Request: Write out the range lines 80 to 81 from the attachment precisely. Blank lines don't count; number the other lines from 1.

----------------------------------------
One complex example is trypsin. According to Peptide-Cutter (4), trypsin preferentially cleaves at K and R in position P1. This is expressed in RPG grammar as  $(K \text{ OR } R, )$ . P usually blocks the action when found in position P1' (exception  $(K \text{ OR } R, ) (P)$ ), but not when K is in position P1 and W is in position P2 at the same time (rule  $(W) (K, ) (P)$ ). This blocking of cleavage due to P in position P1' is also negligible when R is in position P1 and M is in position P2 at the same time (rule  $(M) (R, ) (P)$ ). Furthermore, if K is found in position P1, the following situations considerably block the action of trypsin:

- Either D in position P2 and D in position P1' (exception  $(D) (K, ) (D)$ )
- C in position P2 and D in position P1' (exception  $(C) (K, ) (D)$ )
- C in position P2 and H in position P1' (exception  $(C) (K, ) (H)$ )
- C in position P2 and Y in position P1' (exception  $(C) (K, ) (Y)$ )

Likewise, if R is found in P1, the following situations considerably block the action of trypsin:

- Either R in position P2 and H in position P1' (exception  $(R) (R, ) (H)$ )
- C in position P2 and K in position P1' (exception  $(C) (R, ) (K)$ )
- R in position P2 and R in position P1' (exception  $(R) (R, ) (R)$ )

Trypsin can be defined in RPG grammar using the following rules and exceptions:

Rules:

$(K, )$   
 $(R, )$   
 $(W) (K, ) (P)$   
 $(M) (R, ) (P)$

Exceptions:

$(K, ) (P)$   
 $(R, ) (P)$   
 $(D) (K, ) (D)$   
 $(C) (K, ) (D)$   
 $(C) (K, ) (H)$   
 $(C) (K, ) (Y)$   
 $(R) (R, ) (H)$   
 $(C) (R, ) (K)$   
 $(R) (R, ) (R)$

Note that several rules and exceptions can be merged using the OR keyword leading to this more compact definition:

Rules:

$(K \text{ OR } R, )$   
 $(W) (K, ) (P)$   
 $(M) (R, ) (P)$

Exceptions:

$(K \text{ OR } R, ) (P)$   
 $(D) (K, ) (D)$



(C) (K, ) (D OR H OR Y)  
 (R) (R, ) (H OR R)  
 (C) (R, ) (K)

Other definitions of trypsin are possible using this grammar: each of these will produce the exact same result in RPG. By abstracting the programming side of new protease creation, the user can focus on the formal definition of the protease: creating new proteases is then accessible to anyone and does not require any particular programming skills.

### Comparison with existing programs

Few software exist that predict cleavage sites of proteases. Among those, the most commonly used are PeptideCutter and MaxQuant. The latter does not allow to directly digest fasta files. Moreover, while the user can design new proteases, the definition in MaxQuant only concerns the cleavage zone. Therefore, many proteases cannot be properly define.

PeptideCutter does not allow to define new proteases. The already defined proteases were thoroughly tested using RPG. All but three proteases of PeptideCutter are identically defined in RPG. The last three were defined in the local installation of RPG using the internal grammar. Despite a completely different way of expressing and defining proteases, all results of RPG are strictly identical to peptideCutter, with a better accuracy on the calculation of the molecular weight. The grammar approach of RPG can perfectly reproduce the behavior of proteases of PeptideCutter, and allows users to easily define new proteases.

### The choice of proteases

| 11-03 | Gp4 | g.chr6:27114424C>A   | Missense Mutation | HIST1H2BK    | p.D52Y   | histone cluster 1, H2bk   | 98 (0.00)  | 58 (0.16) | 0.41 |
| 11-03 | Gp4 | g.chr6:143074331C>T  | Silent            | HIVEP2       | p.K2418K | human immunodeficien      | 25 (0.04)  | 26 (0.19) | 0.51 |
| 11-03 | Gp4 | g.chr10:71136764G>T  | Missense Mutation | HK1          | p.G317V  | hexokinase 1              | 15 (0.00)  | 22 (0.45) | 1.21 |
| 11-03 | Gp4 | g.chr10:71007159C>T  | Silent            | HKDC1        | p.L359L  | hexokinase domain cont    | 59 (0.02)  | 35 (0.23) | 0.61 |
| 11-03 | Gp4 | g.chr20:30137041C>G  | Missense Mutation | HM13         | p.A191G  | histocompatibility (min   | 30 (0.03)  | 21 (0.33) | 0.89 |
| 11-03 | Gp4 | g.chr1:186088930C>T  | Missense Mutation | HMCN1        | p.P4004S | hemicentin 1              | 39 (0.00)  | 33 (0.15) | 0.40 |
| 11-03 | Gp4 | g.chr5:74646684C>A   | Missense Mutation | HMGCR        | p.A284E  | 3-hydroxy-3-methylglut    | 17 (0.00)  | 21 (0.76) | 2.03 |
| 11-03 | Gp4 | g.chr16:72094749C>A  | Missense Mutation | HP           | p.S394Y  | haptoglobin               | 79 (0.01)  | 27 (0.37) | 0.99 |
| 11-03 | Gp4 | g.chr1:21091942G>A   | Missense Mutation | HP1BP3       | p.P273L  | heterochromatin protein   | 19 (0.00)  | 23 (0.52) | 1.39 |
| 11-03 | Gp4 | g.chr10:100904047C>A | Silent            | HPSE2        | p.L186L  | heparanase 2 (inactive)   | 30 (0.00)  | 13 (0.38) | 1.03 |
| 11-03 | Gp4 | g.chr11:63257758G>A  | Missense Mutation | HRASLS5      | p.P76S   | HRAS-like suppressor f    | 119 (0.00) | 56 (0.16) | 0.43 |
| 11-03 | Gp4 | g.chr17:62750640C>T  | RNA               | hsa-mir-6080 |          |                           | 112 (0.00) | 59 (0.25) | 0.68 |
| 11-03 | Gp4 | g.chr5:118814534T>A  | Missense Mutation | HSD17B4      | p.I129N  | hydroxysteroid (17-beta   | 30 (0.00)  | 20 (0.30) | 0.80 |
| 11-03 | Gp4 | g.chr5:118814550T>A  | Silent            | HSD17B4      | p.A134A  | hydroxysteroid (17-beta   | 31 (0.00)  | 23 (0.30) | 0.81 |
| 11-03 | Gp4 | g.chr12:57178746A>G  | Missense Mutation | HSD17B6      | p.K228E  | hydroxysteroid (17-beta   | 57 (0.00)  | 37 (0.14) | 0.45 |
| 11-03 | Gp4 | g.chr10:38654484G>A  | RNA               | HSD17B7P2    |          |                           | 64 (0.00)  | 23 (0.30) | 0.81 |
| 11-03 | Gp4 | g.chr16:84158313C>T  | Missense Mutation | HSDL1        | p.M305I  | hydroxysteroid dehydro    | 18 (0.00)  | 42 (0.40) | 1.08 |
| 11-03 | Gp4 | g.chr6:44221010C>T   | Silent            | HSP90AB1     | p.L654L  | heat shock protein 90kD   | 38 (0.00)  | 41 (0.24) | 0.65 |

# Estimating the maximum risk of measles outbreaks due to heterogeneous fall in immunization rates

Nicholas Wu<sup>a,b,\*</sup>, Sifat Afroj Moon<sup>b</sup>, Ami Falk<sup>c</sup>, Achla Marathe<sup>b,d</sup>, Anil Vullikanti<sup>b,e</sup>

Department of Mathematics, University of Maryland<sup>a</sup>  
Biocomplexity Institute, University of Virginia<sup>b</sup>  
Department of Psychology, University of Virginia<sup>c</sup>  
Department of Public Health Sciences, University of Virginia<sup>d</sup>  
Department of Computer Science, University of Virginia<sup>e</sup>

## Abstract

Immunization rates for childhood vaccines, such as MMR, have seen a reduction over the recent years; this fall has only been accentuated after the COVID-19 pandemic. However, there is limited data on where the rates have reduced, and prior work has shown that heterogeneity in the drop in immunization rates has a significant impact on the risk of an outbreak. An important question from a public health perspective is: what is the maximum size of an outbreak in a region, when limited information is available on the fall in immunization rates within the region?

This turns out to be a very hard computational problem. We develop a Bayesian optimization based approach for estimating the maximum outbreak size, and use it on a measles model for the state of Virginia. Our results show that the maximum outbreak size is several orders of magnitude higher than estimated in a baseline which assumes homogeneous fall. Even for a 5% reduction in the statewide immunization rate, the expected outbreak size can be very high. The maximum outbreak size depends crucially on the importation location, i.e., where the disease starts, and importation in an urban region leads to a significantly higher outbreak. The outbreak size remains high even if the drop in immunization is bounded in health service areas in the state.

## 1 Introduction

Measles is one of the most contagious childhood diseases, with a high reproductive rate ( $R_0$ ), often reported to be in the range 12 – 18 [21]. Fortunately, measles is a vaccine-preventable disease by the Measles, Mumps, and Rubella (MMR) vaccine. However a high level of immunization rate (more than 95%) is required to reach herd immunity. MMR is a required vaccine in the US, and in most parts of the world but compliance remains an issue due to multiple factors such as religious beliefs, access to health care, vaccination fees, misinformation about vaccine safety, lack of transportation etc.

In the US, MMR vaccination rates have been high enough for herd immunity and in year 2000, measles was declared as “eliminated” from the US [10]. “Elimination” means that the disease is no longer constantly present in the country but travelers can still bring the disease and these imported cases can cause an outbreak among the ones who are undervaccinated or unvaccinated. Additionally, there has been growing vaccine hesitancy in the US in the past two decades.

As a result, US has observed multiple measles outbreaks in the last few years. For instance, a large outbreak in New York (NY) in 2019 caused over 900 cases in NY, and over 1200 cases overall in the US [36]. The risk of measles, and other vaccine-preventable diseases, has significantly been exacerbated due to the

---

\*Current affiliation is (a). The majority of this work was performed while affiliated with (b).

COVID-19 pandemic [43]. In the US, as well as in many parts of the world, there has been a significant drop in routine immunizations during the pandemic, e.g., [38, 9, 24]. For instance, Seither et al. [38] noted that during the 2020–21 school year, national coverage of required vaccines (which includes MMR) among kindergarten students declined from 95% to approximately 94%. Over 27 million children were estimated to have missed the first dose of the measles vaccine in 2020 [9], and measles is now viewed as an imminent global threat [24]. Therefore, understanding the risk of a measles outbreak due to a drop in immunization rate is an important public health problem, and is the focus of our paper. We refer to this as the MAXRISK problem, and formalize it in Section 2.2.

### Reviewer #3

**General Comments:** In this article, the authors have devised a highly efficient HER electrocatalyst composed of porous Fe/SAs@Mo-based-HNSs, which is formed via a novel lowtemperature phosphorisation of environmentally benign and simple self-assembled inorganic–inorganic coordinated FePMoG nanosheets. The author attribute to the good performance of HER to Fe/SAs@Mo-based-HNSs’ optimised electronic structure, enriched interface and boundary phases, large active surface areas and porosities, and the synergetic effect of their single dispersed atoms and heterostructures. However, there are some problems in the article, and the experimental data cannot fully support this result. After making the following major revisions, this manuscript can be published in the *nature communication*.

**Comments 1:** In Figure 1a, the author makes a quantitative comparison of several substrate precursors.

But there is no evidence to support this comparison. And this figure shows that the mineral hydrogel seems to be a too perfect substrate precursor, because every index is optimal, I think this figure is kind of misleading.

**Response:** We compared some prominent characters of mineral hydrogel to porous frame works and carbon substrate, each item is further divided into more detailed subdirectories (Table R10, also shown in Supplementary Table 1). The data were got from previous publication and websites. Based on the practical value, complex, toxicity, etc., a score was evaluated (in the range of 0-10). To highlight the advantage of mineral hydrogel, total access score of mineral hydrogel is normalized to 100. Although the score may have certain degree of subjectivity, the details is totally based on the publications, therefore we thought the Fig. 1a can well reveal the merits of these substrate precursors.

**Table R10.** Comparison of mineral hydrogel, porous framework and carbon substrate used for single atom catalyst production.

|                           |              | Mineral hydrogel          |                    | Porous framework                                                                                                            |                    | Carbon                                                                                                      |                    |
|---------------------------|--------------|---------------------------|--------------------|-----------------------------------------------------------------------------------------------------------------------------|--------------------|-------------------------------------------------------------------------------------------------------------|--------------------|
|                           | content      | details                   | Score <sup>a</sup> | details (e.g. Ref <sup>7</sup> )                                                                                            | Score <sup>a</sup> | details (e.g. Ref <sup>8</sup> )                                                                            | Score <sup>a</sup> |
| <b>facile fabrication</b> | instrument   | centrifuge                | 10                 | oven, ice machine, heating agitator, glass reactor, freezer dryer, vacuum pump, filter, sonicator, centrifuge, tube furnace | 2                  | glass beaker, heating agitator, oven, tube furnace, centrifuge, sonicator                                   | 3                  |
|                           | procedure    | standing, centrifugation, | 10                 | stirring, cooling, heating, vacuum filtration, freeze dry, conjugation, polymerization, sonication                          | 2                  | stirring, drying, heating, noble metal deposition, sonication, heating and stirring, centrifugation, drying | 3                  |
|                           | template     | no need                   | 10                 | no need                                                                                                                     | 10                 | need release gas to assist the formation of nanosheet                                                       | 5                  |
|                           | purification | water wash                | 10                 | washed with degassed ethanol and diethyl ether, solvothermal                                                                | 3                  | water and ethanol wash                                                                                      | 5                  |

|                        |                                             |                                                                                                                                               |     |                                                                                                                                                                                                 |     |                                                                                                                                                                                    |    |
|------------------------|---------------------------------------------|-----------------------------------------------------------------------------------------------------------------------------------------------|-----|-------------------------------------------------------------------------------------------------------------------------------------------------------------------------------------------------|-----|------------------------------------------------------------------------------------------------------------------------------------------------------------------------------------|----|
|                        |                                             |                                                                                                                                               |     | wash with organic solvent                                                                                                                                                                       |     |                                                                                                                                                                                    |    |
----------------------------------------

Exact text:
But there is no evidence to support this comparison. And this figure shows that the mineral hydrogel seems to be a too perfect substrate precursor, because every index is optimal, I think this figure is kind of misleading.

**Response:** We compared some prominent characters of mineral hydrogel to porous frame works and carbon substrate, each item is further divided into more detailed subdirectories (Table R10, also shown in Supplementary Table 1). The data were got from previous publication and websites. Based on the practical value, complex, toxicity, etc., a score was evaluated (in the range of 0-10). To highlight the advantage of mineral hydrogel, total access score of mineral hydrogel is normalized to 100. Although the score may have certain degree of subjectivity, the details is totally based on the publications, therefore we thought the Fig. 1a can well reveal the merits of these substrate precursors.